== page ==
Published with permission from ISTORIYA Ltd.These days I’m often being asked whether economic sanctions imposed by the West will have any major follow-up from the Russian side, to which I normally respond with a smirk and my usual ‘don’t you realise that we’re heading for the new Cold War?’ and proceed to observe the look of horror on the face of whoever was asking the question.
Oh well, I guess I’ll once again have to explain why your beloved tour agency/hotel chain/marketing agency or even fast-food chain won’t suddenly go bankrupt and how you don’t need to bargain it away and leave for Rio this evening. You see, there is no doubt that the situation on the Russian market will change — you don’t need to use the services of an internationally-renowned global intelligence agency to realise that. However, I can assure you that it will stay within well-defined limits and if you take de minima precautions to optimise some of your business processes (my friends at ISTORIYA will tell you a lot more about this as it’s one of their specialties) you will be fine.
As it’s obviously not Putin who controls the major part of country’s wealth, in order to understand why the Russian market will stay within well-defined limits we need to look at those who do — namely, the present-day Russian elites. Since president Yeltzin’s times what I’m going to call for the purposes of simplicity ‘the Kremlin’ (although elitist circles go way beyond any political structure) has been primarily divided between two distinct factions: the so-called ‘liberals’ and the ‘national patriots’, and while the former is more or less uniform, the latter consists of a diverse number of sub-factions — usually called ‘the national socialists’, ‘the fundamentalists’, and ‘the national democrats’ (think Rogozin). In essence, each one in itself is a broad collection of various forces, elitist groups and circles. When Putin was brought power, he also brought in a rather small group of so-called ‘centrists’ along and put a bit of pressure on the mentioned ‘liberals’, so that they would give up some of their economic share of the country’s wealth. Although accurate information of this kind is usually reserved for commercial geopolitical analysis, we can almost definitely say that the present-day ‘Kremlin’ is approximately 20% ‘liberal’, 10% ‘centrist’ and 70% ‘national-patriotic’.
Now, how does any of this relate to the topic of economic stability? There’s just one more thing that I need to mention: all of the factions mentioned above exist within the borders of a fundamental ideological concept that underpins all of their decision-making processes — what we call ‘the anti-Soviet consensus’.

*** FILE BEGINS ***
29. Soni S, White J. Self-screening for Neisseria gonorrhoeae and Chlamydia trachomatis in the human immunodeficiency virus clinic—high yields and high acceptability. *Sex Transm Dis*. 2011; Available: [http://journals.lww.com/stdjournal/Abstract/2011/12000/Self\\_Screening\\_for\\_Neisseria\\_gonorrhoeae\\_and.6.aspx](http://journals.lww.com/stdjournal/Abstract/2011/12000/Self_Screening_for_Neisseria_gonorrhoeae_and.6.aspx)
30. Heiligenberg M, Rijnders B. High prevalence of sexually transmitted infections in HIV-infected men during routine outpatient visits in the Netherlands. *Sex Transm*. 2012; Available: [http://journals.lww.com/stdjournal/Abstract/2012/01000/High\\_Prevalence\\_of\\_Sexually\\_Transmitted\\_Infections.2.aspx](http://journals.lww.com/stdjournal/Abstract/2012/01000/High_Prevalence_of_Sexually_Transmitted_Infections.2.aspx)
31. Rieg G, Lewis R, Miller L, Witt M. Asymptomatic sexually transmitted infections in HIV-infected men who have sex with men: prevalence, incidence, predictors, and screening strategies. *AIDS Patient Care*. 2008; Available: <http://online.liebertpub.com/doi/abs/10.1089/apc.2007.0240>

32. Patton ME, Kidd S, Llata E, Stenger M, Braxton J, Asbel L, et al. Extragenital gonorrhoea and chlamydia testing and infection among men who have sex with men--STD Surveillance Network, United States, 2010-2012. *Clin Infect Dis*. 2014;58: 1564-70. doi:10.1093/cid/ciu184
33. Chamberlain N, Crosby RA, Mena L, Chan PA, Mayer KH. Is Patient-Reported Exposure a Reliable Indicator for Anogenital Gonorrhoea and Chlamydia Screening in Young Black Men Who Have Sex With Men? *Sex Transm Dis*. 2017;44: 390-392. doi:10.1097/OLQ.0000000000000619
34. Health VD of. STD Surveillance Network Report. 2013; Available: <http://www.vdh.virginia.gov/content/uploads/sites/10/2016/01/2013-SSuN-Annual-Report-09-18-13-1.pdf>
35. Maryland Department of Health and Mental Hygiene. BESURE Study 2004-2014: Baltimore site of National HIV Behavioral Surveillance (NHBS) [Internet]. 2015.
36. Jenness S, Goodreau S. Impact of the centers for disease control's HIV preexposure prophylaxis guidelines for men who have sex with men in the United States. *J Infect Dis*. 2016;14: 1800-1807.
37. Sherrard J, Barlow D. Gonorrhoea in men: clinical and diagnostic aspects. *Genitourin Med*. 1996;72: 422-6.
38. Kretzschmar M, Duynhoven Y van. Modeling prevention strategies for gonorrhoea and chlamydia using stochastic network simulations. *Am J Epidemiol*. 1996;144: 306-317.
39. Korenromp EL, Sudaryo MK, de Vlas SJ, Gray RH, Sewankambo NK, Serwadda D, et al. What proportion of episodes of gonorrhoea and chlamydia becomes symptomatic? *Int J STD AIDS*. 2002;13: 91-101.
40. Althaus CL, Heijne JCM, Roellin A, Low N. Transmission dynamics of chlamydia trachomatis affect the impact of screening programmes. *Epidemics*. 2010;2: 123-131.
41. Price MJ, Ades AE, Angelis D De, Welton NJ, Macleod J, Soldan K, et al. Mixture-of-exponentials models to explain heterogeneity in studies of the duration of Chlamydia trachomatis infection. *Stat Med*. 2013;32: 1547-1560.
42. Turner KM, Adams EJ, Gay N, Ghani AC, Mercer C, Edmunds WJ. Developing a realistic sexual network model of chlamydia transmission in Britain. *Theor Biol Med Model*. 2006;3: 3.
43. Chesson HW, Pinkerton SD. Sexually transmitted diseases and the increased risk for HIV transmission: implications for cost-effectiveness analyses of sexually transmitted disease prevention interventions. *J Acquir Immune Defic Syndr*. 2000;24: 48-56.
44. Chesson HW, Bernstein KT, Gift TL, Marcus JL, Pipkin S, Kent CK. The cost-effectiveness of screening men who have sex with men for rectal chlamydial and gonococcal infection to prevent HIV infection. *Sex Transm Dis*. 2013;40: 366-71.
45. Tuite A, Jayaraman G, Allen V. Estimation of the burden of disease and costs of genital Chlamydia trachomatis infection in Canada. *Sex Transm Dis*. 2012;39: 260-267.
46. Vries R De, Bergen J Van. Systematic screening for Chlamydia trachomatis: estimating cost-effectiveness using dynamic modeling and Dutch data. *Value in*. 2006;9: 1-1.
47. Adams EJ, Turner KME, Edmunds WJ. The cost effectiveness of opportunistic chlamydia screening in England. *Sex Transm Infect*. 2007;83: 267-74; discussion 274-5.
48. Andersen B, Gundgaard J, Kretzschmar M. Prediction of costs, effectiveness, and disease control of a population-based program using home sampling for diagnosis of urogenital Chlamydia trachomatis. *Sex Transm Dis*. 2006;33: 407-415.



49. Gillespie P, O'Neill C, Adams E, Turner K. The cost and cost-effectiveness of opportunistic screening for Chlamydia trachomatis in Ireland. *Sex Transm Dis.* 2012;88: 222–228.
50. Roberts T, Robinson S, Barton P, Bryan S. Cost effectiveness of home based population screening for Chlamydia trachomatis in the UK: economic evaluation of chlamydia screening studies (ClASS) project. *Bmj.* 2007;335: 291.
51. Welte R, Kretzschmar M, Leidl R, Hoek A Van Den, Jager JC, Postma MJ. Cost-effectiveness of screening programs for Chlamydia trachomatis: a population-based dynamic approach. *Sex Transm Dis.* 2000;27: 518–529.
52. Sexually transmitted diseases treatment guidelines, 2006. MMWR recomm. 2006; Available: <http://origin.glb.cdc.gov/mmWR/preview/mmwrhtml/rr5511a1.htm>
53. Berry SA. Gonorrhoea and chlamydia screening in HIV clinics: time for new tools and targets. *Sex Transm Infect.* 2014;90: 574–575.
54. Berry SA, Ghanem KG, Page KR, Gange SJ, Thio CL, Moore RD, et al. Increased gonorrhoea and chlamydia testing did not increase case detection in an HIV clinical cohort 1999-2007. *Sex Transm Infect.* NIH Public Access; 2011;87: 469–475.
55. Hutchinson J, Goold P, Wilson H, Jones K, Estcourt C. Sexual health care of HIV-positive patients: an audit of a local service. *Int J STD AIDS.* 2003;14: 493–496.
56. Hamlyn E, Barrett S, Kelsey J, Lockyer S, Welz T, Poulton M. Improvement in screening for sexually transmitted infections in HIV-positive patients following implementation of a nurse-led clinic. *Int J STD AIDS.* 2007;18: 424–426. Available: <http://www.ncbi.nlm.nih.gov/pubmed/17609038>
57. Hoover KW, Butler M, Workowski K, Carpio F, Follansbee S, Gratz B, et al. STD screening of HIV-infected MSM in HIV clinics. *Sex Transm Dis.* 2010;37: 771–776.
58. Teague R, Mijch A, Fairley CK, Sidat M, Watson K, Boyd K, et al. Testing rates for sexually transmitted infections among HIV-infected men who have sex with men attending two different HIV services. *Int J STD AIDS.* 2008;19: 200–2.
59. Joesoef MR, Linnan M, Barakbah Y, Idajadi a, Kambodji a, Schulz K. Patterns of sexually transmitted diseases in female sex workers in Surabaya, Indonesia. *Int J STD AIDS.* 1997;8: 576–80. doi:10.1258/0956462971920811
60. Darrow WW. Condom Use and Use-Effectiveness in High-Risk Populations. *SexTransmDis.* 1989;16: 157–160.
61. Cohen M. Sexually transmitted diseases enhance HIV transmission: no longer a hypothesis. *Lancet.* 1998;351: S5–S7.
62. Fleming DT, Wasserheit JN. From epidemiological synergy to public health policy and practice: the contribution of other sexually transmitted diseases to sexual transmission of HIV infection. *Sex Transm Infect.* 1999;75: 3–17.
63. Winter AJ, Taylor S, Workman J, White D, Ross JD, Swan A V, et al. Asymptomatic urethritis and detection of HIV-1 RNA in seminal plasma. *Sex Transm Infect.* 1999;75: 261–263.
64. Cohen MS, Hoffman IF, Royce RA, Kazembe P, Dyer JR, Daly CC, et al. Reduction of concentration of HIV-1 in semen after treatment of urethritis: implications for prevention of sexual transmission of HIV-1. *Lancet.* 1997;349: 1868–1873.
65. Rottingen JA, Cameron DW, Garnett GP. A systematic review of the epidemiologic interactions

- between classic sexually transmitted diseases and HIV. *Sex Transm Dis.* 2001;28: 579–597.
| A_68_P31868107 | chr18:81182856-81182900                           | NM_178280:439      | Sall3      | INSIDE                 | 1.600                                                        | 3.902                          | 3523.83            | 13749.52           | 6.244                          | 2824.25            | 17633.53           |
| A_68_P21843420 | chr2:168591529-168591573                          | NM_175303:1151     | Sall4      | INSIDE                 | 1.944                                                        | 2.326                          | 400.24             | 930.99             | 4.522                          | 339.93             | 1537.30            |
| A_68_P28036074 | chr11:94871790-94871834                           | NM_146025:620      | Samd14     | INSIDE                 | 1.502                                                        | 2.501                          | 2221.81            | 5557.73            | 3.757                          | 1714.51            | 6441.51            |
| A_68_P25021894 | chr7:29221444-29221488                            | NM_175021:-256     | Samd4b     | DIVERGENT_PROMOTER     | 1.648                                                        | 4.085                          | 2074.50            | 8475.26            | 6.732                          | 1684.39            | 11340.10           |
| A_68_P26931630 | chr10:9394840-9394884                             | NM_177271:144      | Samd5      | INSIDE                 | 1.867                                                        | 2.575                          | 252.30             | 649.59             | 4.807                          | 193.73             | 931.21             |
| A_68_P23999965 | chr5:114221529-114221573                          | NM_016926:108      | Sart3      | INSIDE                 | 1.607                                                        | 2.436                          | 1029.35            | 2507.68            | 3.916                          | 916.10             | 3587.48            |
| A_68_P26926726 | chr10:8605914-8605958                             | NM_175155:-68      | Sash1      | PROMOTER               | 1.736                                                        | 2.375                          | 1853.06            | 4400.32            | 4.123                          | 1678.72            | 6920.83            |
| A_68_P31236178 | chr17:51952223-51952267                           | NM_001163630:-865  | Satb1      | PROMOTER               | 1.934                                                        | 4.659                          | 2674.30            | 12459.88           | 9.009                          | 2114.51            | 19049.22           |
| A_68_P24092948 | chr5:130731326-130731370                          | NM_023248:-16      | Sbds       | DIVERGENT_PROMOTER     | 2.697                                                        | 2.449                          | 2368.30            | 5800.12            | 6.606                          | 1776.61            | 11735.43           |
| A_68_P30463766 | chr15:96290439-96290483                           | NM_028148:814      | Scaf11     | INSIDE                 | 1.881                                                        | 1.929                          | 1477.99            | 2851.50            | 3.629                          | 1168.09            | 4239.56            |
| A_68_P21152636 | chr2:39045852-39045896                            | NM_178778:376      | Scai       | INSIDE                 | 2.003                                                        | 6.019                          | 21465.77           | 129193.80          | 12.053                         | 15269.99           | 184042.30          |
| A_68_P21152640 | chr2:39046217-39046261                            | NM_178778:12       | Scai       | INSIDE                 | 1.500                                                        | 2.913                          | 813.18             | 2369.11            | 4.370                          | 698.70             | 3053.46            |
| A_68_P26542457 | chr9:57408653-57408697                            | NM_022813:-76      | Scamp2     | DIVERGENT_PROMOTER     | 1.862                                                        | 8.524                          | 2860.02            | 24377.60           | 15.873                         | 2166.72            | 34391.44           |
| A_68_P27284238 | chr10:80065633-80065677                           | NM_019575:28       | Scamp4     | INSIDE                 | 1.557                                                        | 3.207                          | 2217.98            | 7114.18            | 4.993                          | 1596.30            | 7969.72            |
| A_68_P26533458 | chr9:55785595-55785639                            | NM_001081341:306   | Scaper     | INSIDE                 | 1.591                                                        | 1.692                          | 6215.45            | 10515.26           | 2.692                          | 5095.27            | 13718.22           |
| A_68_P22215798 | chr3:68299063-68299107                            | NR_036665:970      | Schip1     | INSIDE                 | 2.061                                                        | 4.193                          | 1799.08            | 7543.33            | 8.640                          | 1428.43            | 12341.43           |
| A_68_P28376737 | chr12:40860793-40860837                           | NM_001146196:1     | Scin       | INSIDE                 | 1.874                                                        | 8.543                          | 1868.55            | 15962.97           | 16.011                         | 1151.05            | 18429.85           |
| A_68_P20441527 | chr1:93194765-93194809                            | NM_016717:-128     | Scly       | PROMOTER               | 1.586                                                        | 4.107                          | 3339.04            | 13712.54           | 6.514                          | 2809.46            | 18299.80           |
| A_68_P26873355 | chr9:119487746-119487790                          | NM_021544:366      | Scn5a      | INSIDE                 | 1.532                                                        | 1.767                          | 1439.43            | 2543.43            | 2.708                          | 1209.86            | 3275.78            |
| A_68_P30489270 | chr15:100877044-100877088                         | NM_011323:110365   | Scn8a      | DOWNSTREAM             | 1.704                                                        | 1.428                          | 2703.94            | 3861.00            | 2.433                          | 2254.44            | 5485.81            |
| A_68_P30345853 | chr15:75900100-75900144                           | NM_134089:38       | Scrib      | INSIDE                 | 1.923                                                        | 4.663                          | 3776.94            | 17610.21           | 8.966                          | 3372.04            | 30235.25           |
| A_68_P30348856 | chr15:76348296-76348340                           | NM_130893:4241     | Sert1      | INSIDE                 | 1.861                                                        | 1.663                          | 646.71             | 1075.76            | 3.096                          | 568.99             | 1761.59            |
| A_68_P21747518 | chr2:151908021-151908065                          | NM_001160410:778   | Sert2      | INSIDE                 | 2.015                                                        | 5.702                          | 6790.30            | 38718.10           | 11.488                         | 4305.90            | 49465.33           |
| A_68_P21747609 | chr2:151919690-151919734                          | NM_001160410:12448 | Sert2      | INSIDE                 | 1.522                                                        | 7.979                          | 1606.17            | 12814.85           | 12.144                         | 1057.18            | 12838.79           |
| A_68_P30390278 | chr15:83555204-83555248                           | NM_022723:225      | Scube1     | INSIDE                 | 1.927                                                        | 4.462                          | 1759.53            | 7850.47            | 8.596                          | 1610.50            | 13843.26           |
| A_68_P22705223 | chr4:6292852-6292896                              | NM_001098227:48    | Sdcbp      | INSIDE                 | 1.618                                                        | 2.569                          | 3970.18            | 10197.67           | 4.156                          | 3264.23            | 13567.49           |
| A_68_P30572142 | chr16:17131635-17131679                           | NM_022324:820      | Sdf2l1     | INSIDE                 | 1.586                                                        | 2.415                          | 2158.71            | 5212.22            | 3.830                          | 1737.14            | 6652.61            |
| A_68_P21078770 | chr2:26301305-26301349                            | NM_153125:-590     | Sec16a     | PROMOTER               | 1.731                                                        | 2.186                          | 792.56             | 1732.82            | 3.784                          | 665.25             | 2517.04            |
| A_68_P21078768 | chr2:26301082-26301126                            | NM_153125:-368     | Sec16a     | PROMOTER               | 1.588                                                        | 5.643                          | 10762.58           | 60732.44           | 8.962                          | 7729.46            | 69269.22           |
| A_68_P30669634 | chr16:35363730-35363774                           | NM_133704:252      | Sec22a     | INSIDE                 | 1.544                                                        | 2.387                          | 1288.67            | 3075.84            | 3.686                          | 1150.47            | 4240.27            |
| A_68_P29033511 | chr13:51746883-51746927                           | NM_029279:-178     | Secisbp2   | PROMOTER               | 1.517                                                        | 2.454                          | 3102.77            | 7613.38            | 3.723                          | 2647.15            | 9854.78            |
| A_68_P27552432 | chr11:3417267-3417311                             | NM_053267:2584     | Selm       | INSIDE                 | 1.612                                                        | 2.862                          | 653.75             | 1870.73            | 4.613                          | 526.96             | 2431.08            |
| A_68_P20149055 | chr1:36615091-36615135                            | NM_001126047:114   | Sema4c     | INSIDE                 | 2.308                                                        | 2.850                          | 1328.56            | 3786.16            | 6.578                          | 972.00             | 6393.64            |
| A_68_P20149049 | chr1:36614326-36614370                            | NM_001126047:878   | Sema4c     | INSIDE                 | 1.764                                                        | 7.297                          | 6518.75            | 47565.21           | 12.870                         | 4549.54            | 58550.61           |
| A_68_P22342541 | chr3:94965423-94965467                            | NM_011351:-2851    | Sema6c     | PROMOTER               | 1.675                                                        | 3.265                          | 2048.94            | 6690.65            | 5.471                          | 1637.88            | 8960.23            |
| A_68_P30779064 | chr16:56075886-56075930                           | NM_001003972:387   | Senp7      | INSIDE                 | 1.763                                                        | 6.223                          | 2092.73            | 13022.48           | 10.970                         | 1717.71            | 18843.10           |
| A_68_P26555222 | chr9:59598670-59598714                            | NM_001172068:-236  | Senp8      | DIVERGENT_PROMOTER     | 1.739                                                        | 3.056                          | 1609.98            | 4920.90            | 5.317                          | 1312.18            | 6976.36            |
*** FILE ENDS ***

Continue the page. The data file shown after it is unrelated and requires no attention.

There’s just one more thing that I need to mention: all of the factions mentioned above exist within the borders of a fundamental ideological concept that underpins all of their decision-making processes — what we call ‘the anti-Soviet consensus’.
‘East or West, Brioni is best’… or Burberry. It doesn’t matter. Whether different parts of the Russian elites call themselves ‘liberal’ or ‘national-patriotic’, de facto their main difference is whether they prefer to get luxury suits from a London-based tailor or from a local Moscow-based one. It’s still luxury suits, though. Hence, any predictions of the socio-economic situation in Russia should be based on the fact that 90% (as we established earlier) of the people in charge of the country’s wealth wouldn’t want to see much less of Bentleys and Ferraris in their parking lots. If anything, they’d want to see more, and they’ll do anything within their power so that this ‘unpleasant misunderstanding’, as they tend to call the West-imposed economic sanctions, remains just that. When one of the government ministers holds a conference meeting as early as possible in the morning, so he can get on his private jet and be on the way to London to see his family the very same afternoon, there shouldn’t be any question on how far the Russian response to the sanctions will go and how much the international market situation will change.
The new Cold War is not going to be a stand-off between the mighty Soviet Union and, as the Soviet propaganda used to call it, ‘the decaying West’ – once the sanctions worsen, the Russian elites will sluggishly hand back the leash and say something along the lines of ‘well, at least we tried, now what do we need to do to get our castles in France back?’
This is where the limits are, and this is where they will remain.
So, just as I said, make sure you review your company’s operations so that there are no unpleasant surprises, and get ready to enjoy the economic opportunities this new Cold War is about to bring.